FORT TOTTEN, the northeastern tip of Bayside, with a garrison of nine hundred enlisted men and officers, is headquarters of the Sixty-second Coast Artillery and of New York’s harbor eastern defense system. (Visitors admitted 9 a.m. to 9 p.m.) Its mobile anti-aircraft batteries are among the most modern of their kind. Built in 1862 as a military post known as Willett’s Point, it was converted into a coast artillery fort in 1901 and given its present name.
The fort is situated at the confluence of the east River, Long Island Sound, and Little Neck Bay, and commands an excellent view of the Bronx and the site of old Fort Schuyler’s at Throg’s Neck. In seasonable weather the troops parade on Friday afternoons.
—New York City Guide (WPA, 1939)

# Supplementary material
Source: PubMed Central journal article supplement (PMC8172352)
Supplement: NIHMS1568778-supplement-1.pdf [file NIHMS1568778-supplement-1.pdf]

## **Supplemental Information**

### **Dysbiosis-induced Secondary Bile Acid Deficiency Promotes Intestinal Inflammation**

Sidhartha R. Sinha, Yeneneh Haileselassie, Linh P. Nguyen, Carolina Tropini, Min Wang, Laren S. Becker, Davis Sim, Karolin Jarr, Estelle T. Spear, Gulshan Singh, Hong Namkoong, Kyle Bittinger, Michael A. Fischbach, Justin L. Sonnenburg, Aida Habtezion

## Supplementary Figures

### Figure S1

Fort Totten in Bayside, Queens was at one time a fort meant to protect the New York Harbor, built to withstand battle or attack. Today it is a strange combination of a maintained city park and a rare glimpse of urban decay in a city that usually has no space to allow for such emptiness. Parts of it are well kept, groomed and meant for families to picnic on lawns, fly kites or kick soccer balls. Beautifully maintained buildings built in the mid to late 1800s now house several NYPD offices and headquarters, while one falling-down chain-link fence over is a whole other world of abandonment.
The structures in these areas are incredibly overrun with mosses, plants and in some cases whole trees growing out of the cement roof of a sprawling, dripping, once-solid military fort. The only attack this fort fights now is the natural growth taking it over, covering deep wells that once held cannons and walls that once housed ammunition. Views from the top of one structure towards another are filled with trees where once they were clear and functional. It is an amazing juxtaposition, seeing something meant for war now so silent and still and it’s truly a rare find in New York City.